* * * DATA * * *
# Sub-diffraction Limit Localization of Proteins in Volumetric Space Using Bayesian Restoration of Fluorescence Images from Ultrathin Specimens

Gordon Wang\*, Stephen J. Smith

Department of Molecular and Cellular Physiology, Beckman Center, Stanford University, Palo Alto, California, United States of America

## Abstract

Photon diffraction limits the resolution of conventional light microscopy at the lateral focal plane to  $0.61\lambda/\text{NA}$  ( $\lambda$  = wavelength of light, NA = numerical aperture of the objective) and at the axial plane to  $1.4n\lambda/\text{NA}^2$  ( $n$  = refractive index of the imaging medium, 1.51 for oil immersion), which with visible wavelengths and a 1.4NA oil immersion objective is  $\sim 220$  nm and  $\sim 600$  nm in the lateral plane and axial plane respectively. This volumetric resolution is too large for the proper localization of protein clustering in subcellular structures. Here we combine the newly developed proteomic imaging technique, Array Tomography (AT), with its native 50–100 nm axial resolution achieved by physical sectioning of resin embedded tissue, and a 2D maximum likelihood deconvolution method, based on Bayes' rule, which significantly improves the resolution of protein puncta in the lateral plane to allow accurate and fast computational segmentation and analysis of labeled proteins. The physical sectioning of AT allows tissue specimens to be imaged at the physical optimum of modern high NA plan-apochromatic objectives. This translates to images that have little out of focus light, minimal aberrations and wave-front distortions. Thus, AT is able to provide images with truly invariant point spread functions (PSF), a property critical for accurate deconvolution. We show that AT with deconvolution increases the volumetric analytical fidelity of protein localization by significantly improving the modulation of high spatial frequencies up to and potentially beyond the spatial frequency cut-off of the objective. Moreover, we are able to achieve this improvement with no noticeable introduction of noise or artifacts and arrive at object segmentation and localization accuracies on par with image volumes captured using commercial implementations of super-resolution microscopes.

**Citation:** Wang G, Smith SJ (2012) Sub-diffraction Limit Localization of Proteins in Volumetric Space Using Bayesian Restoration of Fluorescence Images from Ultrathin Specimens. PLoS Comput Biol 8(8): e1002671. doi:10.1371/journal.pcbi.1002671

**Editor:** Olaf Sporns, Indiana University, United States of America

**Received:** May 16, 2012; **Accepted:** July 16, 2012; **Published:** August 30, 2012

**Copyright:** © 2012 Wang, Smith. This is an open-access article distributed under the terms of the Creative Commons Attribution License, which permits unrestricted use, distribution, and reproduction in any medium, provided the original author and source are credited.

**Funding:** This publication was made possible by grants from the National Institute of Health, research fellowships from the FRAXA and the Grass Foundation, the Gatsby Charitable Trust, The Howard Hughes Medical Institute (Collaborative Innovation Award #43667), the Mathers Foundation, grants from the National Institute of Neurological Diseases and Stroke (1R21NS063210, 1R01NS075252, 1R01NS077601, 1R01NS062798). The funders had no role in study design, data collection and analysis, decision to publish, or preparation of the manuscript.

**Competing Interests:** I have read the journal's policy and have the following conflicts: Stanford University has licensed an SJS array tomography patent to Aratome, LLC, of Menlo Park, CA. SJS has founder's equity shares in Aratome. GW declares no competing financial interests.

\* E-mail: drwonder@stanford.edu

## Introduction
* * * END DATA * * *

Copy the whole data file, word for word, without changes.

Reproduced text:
# Sub-diffraction Limit Localization of Proteins in Volumetric Space Using Bayesian Restoration of Fluorescence Images from Ultrathin Specimens

Gordon Wang\*, Stephen J. Smith

Department of Molecular and Cellular Physiology, Beckman Center, Stanford University, Palo Alto, California, United States of America

## Abstract

Photon diffraction limits the resolution of conventional light microscopy at the lateral focal plane to  $0.61\lambda/\text{NA}$  ( $\lambda$  = wavelength of light, NA = numerical aperture of the objective) and at the axial plane to  $1.4n\lambda/\text{NA}^2$  ( $n$  = refractive index of the imaging medium, 1.51 for oil immersion), which with visible wavelengths and a 1.4NA oil immersion objective is  $\sim 220$  nm and  $\sim 600$  nm in the lateral plane and axial plane respectively. This volumetric resolution is too large for the proper localization of protein clustering in subcellular structures. Here we combine the newly developed proteomic imaging technique, Array Tomography (AT), with its native 50–100 nm axial resolution achieved by physical sectioning of resin embedded tissue, and a 2D maximum likelihood deconvolution method, based on Bayes' rule, which significantly improves the resolution of protein puncta in the lateral plane to allow accurate and fast computational segmentation and analysis of labeled proteins. The physical sectioning of AT allows tissue specimens to be imaged at the physical optimum of modern high NA plan-apochromatic objectives. This translates to images that have little out of focus light, minimal aberrations and wave-front distortions. Thus, AT is able to provide images with truly invariant point spread functions (PSF), a property critical for accurate deconvolution. We show that AT with deconvolution increases the volumetric analytical fidelity of protein localization by significantly improving the modulation of high spatial frequencies up to and potentially beyond the spatial frequency cut-off of the objective. Moreover, we are able to achieve this improvement with no noticeable introduction of noise or artifacts and arrive at object segmentation and localization accuracies on par with image volumes captured using commercial implementations of super-resolution microscopes.

**Citation:** Wang G, Smith SJ (2012) Sub-diffraction Limit Localization of Proteins in Volumetric Space Using Bayesian Restoration of Fluorescence Images from Ultrathin Specimens. PLoS Comput Biol 8(8): e1002671. doi:10.1371/journal.pcbi.1002671

**Editor:** Olaf Sporns, Indiana University, United States of America

**Received:** May 16, 2012; **Accepted:** July 16, 2012; **Published:** August 30, 2012

**Copyright:** © 2012 Wang, Smith. This is an open-access article distributed under the terms of the Creative Commons Attribution License, which permits unrestricted use, distribution, and reproduction in any medium, provided the original author and source are credited.

**Funding:** This publication was made possible by grants from the National Institute of Health, research fellowships from the FRAXA and the Grass Foundation, the Gatsby Charitable Trust, The Howard Hughes Medical Institute (Collaborative Innovation Award #43667), the Mathers Foundation, grants from the National Institute of Neurological Diseases and Stroke (1R21NS063210, 1R01NS075252, 1R01NS077601, 1R01NS062798). The funders had no role in study design, data collection and analysis, decision to publish, or preparation of the manuscript.

**Competing Interests:** I have read the journal's policy and have the following conflicts: Stanford University has licensed an SJS array tomography patent to Aratome, LLC, of Menlo Park, CA. SJS has founder's equity shares in Aratome. GW declares no competing financial interests.

\* E-mail: drwonder@stanford.edu

## Introduction